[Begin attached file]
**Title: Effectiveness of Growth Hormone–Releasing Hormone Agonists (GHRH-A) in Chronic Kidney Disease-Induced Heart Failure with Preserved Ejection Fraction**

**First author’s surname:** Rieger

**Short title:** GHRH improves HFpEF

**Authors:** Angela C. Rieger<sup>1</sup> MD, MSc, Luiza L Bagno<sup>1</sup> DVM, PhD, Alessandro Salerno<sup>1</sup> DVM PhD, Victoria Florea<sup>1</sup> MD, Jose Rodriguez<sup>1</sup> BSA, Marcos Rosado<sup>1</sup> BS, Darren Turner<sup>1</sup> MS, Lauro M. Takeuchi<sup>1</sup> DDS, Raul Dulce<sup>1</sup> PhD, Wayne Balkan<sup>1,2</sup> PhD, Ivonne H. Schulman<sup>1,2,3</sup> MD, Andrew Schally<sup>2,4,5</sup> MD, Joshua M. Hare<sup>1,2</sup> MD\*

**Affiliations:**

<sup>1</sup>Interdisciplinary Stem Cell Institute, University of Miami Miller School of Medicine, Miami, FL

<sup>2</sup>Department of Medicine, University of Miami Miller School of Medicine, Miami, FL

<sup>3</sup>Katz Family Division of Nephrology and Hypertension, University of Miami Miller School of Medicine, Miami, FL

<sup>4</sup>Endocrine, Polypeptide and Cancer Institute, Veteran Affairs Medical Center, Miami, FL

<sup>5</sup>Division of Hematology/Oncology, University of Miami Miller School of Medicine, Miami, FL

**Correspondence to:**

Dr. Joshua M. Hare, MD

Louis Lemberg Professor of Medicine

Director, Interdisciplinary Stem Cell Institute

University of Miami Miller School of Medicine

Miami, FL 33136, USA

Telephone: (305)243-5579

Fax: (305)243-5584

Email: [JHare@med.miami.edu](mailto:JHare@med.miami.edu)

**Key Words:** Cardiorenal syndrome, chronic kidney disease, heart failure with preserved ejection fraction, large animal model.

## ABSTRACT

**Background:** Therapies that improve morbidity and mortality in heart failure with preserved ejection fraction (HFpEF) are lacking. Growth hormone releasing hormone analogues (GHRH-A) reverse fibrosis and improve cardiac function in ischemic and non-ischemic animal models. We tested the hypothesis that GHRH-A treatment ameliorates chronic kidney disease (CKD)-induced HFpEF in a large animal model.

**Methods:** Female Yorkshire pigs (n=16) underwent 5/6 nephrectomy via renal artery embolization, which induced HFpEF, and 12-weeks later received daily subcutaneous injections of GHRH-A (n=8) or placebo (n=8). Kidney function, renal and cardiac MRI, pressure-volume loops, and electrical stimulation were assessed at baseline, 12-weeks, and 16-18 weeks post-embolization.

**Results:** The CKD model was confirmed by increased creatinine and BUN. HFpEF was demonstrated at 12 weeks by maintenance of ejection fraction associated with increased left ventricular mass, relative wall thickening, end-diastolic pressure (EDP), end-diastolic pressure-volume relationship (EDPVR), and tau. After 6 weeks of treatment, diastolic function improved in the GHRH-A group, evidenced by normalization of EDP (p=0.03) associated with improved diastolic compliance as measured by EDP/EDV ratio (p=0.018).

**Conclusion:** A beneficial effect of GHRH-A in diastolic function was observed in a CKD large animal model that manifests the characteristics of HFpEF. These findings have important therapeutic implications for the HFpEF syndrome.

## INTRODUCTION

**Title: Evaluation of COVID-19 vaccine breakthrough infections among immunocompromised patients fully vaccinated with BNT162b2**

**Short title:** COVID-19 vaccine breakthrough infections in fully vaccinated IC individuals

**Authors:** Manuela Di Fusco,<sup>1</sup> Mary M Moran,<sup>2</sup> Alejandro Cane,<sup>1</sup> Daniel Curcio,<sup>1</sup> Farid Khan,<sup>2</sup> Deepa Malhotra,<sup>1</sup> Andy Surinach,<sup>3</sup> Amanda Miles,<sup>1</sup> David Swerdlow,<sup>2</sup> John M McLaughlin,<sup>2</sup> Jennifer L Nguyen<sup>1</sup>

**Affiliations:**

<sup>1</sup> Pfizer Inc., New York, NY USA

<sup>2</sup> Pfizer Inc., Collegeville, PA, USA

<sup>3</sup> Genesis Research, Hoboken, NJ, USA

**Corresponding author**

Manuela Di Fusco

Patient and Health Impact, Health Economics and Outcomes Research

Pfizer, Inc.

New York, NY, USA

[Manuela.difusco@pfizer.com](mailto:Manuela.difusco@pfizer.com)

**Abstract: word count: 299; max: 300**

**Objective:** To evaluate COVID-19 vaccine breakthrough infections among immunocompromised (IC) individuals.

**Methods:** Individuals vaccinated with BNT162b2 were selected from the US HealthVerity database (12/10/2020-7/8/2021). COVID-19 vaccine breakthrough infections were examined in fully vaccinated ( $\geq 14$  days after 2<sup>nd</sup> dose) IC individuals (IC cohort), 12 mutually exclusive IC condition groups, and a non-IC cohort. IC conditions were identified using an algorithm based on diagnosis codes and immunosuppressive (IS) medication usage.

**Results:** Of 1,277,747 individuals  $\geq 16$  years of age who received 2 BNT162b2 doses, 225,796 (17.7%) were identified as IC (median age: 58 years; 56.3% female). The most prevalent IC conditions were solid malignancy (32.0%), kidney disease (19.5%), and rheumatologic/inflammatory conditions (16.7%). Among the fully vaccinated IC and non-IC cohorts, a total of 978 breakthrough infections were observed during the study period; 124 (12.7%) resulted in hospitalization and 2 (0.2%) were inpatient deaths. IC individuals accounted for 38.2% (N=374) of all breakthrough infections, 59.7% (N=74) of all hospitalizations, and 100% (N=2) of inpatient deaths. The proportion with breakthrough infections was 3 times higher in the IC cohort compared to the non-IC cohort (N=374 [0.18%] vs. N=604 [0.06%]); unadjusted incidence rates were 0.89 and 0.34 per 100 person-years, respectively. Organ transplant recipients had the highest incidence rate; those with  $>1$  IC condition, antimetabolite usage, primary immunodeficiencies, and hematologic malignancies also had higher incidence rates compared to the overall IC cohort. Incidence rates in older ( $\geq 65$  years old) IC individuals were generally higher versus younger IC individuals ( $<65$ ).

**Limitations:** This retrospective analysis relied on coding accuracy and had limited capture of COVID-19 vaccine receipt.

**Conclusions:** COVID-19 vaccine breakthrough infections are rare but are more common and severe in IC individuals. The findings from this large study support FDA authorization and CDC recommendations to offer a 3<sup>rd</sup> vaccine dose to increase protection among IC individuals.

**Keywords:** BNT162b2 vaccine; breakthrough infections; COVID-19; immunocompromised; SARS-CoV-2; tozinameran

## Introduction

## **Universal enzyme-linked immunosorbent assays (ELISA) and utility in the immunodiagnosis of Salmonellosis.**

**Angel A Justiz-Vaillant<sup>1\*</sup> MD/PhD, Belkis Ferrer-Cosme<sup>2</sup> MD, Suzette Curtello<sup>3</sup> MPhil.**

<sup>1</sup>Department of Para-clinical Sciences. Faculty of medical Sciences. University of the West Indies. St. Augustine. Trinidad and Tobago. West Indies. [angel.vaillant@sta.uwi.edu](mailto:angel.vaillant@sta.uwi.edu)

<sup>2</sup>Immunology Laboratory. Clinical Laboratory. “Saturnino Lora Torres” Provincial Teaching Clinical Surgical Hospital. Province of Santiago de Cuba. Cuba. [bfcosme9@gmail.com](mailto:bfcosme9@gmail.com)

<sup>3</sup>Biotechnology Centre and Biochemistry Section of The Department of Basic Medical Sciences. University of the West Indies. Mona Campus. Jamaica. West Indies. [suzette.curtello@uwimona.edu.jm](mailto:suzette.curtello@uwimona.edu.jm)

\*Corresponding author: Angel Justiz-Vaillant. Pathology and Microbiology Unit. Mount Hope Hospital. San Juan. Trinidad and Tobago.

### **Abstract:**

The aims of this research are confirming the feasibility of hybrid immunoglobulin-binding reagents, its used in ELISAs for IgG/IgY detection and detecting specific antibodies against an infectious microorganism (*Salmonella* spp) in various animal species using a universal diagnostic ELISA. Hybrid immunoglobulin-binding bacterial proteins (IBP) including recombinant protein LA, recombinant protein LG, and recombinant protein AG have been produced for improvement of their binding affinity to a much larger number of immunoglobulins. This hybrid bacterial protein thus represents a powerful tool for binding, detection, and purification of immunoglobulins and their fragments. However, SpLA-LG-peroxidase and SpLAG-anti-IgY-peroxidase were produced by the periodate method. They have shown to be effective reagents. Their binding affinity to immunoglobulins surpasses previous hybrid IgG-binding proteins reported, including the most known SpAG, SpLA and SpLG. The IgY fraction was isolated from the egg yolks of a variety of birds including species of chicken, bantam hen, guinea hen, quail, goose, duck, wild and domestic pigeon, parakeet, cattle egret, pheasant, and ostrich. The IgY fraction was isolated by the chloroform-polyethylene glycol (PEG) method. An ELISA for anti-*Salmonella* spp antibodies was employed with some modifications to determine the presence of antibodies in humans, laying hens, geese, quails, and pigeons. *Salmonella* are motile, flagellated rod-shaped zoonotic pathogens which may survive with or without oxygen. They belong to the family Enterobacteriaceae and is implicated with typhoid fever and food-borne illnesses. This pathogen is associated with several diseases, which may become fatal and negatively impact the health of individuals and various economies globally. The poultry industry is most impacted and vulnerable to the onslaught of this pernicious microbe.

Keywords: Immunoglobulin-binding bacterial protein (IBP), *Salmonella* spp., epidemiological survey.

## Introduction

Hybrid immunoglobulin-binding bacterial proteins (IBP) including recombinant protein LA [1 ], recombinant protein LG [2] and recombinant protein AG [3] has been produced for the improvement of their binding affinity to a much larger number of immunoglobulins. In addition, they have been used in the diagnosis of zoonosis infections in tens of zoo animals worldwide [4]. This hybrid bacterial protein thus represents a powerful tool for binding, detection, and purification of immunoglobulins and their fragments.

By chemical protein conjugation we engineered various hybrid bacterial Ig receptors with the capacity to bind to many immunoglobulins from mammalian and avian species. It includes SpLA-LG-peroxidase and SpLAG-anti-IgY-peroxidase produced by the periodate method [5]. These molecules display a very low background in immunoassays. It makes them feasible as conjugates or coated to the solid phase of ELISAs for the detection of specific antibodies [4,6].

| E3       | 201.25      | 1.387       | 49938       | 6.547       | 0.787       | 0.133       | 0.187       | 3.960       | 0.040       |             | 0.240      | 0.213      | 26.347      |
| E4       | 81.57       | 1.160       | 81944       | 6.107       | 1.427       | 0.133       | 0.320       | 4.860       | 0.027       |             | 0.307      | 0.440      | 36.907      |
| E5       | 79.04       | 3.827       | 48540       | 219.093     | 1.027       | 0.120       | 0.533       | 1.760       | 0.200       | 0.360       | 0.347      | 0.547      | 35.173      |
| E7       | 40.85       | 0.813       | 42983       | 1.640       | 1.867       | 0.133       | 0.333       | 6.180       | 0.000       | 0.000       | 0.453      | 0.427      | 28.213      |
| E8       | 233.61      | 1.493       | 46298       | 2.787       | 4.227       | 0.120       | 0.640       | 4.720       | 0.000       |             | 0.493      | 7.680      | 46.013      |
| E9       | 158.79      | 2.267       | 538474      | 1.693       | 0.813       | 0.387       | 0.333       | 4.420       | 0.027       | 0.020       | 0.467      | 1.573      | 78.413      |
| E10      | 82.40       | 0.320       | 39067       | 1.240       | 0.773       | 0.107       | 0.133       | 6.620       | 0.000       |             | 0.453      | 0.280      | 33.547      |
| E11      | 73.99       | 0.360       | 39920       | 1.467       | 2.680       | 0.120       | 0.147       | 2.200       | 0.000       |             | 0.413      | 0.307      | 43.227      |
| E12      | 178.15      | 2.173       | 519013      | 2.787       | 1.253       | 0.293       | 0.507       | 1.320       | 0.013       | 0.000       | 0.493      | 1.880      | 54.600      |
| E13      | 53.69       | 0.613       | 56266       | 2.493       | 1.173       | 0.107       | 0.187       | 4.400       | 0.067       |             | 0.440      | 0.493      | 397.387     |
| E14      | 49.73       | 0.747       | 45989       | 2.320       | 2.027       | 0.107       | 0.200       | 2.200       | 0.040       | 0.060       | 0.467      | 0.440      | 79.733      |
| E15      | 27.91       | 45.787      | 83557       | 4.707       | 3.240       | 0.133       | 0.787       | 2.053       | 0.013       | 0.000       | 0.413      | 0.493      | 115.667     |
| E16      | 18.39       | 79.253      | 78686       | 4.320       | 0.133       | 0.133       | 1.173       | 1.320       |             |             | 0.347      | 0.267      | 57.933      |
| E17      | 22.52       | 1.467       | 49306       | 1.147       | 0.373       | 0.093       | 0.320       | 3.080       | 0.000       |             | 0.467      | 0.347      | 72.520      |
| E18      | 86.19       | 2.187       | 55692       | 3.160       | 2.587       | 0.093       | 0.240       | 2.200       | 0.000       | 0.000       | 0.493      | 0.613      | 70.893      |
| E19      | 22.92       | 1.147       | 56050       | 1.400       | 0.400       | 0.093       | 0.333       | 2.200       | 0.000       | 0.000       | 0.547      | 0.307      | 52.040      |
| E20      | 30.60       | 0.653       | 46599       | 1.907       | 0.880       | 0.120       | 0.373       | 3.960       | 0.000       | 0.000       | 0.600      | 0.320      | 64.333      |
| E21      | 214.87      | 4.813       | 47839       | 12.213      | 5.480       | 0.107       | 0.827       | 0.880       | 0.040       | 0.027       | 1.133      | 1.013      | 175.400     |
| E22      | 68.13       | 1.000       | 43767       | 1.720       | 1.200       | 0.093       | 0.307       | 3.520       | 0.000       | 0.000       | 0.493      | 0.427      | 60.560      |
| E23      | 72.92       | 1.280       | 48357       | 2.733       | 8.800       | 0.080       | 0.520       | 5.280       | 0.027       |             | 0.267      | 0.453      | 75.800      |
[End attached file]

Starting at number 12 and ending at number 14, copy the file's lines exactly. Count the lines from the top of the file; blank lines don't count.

Dr. Joshua M. Hare, MD

Louis Lemberg Professor of Medicine

Director, Interdisciplinary Stem Cell Institute